The Migraine Timing Cycle
an J Neurol Sci. 1999 Nov;26 Suppl 3:S12-9.
Pathophysiology of migraine--new insights.
Current theories propose that the primary dysfunction in migraine occurs within the CNS and that this evokes changes in blood vessels within pain-producing intracranial meningeal structures that give rise to headache pain. Migraine is now thought of as a neurovascular disorder. It has been proposed that genetic abnormalities may be responsible for altering the response threshold to migraine specific trigger factors in the brain of a migraineur compared to a normal individual. The exact nature of the central dysfunction that is produced in migraineurs is still not clear and may involve spreading depression-like phenomena and activation of brain stem monoaminergic nuclei that are part of the central autonomic, vascular and pain control centers. It is generally thought that local vasodilatation of intracranial extracerebral blood vessels and a consequent stimulation of surrounding trigeminal sensory nervous pain pathways is a key mechanism underlying the generation of headache pain associated with migraine. This activation of the 'trigeminovascular system' is thought to cause the release of vasoactive sensory neuropeptides, especially CGRP, that increase the pain response. The activated trigeminal nerves convey nociceptive information to central neurons in the brain stem trigeminal sensory nuclei that in turn relay the pain signals to higher centers where headache pain is perceived. It has been hypothesized that these central neurons may become sensitized as a migraine attack progresses. The 'triptan' anti-migraine agents (e.g. sumatriptan, rizatriptan, zolmitriptan naratriptan) are serotonergic agonists that have been shown to act selectively by causing vasoconstriction through 5-HT1B receptors that are expressed in human intracranial arteries and by inhibiting nociceptive transmission through an action at 5-HT1D receptors on peripheral trigeminal sensory nerve terminals in the meninges and central terminals in brain stem sensory nuclei. These three complementary sites of action underlie the clinical effectiveness of the 5-HT1B/1D agonists against migraine headache pain and its associated symptoms.
Migraine timing cycle
1 Trigeminal activation and cerebral arterial vasodilation.
2 20-40 minutes later the neurochemicals CGRP, Neurokinin A, and Substance P are released by the migraine process from ganglia to inflame the trigeminal nerve, the arteries, and later the thalamus.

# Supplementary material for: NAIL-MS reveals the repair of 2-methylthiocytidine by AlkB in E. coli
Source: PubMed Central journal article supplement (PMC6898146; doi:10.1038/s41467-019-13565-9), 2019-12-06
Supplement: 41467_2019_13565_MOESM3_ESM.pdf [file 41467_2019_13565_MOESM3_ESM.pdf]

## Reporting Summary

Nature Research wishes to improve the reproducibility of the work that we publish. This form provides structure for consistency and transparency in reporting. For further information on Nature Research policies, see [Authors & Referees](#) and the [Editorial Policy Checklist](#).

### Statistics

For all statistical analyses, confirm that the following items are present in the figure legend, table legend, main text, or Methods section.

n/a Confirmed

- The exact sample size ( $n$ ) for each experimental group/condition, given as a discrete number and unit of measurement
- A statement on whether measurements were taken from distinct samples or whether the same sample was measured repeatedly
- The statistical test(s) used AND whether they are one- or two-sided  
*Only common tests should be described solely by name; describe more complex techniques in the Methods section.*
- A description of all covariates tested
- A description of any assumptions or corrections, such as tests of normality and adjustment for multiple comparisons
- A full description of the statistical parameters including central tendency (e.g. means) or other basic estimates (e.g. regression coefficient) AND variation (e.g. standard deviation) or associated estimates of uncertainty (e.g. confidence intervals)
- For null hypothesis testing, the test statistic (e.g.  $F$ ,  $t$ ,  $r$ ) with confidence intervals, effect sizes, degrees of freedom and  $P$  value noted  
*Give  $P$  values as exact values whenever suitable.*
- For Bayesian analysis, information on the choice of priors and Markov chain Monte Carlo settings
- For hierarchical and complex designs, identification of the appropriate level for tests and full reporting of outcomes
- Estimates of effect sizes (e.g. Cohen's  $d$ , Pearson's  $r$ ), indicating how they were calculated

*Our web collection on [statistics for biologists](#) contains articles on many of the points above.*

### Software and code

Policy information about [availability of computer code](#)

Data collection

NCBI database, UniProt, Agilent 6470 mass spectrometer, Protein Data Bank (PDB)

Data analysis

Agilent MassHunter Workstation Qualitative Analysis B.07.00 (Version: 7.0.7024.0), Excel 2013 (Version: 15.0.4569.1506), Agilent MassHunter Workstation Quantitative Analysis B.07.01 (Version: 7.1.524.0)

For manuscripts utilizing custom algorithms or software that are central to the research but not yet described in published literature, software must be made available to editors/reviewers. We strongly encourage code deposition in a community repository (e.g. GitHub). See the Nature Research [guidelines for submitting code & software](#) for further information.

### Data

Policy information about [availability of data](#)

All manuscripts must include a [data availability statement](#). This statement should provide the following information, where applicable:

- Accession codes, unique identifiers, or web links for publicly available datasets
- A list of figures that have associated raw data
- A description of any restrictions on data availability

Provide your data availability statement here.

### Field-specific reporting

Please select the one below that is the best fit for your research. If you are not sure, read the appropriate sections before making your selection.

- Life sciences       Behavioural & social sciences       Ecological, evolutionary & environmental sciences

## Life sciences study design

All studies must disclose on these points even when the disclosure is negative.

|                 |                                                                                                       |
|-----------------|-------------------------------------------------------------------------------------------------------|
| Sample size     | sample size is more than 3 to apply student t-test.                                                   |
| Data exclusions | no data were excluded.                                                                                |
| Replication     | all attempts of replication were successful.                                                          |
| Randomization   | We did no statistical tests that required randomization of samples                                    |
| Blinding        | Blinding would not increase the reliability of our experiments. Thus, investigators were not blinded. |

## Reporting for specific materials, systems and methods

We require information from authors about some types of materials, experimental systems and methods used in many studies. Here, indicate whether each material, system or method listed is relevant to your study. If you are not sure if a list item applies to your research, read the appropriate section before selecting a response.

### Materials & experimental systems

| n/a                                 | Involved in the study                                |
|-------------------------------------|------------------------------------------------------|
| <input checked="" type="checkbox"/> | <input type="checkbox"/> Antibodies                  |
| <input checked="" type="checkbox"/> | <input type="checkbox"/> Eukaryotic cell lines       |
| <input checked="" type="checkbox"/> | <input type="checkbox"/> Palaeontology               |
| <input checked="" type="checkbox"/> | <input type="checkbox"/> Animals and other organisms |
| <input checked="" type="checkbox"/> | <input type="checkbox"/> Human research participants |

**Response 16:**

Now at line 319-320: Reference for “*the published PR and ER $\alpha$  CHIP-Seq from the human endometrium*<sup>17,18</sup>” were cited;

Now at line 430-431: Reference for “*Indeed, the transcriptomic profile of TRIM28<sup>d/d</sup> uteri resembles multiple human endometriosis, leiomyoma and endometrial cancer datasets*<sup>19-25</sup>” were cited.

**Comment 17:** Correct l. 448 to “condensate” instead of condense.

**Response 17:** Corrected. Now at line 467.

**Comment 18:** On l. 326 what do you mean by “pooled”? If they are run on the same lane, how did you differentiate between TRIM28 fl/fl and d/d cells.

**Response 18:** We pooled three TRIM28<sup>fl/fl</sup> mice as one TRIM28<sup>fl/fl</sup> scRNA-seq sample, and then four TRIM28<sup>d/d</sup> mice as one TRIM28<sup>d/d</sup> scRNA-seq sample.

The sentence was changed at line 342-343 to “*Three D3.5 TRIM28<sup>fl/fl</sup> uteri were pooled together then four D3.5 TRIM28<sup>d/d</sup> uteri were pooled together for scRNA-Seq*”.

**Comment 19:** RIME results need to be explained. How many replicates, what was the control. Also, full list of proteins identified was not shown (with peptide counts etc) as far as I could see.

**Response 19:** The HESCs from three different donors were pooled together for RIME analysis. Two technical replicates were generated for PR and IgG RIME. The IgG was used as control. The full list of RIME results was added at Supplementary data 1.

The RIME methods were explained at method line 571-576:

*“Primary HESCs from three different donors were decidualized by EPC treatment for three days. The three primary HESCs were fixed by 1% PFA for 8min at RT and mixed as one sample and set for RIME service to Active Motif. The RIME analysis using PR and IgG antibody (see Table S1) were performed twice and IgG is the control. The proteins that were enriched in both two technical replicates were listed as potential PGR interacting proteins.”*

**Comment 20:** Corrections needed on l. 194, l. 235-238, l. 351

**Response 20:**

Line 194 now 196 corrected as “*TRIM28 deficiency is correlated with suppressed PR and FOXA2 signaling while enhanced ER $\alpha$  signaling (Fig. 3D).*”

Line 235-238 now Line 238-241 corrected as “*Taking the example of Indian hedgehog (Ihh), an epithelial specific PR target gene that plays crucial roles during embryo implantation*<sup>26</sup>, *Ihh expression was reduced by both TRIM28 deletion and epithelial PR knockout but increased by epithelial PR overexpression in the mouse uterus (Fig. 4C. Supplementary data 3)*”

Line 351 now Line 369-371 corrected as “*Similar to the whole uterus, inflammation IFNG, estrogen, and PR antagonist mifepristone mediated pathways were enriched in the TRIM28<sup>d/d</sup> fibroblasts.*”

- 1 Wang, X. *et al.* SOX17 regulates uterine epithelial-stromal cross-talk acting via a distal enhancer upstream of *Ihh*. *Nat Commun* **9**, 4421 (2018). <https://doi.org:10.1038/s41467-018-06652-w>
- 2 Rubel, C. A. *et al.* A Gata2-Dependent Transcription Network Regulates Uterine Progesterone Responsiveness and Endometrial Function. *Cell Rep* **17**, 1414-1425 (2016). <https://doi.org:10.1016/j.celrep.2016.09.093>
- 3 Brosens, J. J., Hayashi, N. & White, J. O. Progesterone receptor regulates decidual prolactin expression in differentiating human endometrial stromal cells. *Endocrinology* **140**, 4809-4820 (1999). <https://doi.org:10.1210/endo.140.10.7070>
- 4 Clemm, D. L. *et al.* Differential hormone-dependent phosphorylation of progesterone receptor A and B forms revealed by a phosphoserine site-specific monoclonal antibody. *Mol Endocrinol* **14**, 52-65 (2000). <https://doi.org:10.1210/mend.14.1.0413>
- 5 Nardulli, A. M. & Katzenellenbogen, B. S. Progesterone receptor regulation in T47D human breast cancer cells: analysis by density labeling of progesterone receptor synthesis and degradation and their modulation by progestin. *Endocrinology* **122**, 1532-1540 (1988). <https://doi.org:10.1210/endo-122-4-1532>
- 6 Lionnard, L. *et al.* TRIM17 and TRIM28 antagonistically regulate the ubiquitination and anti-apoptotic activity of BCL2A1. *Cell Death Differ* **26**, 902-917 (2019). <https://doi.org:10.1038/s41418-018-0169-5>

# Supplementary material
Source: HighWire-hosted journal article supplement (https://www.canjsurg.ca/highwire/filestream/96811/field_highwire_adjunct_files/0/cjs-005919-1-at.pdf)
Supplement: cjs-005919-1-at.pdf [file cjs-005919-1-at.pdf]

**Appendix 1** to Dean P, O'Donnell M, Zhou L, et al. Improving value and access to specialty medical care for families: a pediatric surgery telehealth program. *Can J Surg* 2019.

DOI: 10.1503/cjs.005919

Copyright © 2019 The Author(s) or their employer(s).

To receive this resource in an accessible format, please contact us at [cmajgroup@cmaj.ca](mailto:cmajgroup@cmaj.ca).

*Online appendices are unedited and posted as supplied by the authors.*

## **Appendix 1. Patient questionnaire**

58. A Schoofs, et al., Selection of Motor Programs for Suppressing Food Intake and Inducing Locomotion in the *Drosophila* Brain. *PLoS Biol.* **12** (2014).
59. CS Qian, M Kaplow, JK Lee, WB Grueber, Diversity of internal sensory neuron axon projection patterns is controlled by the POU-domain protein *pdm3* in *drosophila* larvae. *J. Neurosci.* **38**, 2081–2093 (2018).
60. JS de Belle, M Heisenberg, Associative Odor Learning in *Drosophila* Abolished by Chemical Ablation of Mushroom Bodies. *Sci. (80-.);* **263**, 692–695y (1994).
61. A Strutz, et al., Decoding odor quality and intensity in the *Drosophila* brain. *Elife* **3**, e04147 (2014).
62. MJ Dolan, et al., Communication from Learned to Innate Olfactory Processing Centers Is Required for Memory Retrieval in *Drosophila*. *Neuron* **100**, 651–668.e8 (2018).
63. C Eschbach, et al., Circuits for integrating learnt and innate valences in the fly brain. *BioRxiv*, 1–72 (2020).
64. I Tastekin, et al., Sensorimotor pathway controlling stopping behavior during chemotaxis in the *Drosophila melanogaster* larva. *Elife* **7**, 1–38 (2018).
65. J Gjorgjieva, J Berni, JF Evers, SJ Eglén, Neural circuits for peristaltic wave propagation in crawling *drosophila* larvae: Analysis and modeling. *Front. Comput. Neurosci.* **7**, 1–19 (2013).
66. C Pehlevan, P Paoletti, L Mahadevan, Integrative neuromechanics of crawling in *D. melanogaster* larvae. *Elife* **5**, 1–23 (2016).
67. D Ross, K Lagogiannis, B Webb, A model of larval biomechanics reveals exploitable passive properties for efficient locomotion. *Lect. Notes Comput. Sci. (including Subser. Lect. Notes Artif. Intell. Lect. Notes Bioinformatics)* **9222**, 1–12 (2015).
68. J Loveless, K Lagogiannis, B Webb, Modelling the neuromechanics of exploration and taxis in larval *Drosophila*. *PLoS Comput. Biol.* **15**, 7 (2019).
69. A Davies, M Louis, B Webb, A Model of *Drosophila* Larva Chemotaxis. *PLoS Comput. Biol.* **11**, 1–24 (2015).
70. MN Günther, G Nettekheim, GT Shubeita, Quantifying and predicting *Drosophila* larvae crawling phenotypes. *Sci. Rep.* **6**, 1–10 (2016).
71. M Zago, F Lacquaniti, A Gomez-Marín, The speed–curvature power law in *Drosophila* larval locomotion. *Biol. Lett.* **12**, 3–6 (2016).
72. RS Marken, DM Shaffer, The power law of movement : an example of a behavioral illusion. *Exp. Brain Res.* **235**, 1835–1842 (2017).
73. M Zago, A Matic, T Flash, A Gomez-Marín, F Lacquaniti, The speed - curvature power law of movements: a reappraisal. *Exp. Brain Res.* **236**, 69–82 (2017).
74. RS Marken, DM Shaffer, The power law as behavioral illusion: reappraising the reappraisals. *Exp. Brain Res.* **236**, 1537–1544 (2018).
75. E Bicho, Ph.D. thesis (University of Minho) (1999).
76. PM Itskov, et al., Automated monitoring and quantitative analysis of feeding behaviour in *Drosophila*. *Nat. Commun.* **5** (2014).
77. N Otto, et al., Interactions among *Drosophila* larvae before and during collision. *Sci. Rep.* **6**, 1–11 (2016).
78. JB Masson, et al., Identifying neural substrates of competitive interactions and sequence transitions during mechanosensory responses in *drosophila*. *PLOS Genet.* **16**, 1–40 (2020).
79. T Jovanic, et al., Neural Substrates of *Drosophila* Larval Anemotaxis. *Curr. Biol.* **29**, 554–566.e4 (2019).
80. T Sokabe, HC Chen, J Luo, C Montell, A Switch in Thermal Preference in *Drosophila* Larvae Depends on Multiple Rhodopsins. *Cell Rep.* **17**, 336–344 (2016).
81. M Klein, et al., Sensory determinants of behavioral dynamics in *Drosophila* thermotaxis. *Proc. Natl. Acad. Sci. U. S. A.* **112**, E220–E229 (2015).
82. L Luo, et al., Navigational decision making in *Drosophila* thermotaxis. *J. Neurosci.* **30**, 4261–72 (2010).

3 At 2 hours the arteries vasodilate and are inflamed. Blood pulsing through dilated, inflamed arteries causes pulsatile, pounding headache.
4 Past 3 hours the thalamus, also known as the pain center of the brain is turned on by the migraine process.
If I drop a brick on my foot the tissue of the foot is damaged and the pain is carried by pain nerves in the foot to the leg, to the spinal cord, and up to the thalamus in the brain where pain is registered. Migraine is a chemical inflammatory condition affecting the 5th nerve, the arteries, and thalamus. Phase 4 is also called central sensitization and this is the worst and most painful part of a migraine. During central sensitization touch may be perceived as painful, so the head is sensitive to touch or wear glasses, or lie on one side in the bed. This is called allodynia, a sure clinical sign of central sensitization. Central sensitization is like sunburn. Normally it doesn’t hurt to touch my arm, but if it does if it is sunburned. Sunburn is like allodynia.
Migraine is an episodic disorder of headache lasting 4-72 hours. After a migraine within a day or so the neuropeptides in the brain are metabolized and leave the body in a few days through the liver and then the toilet. However, if one over treats with certain drugs (caffeine, NSAIDS, Tylenol, pseudoephedrine, triptans, hydrocodone, or butalbital drugs) then the drugs drive the cylic production of the inflammatory neurochemicals and the headache keeps on going. At that point episodic migraine may be transformed to Chronic migraine which is defined as >15 headache days a month, eight of which meet the criteria for migraine. This occurs because the body doesn’t have enough time to eliminate the drugs or the released neuropeptides and they stay in the brain and active this system so that 1-2-3-4 occur continuously, resulting in frequent, oftentimes daily headache. In the 1988 International Classification of headache this syndrome was named “Rebound headache,” but now this term has been replaced by “Medication Overuse Headache.” This is a common headache diagnosis and problem, comprising about 80-90 % of visits to a headache specialist.
The international classification of headache states that in general all migraine patients should limit caffeine, painkillers, and triptans to only 2 days a week. This is the most that the body can tolerate and get rid of the drug and the neurochemicals without transforming into more frequent headaches.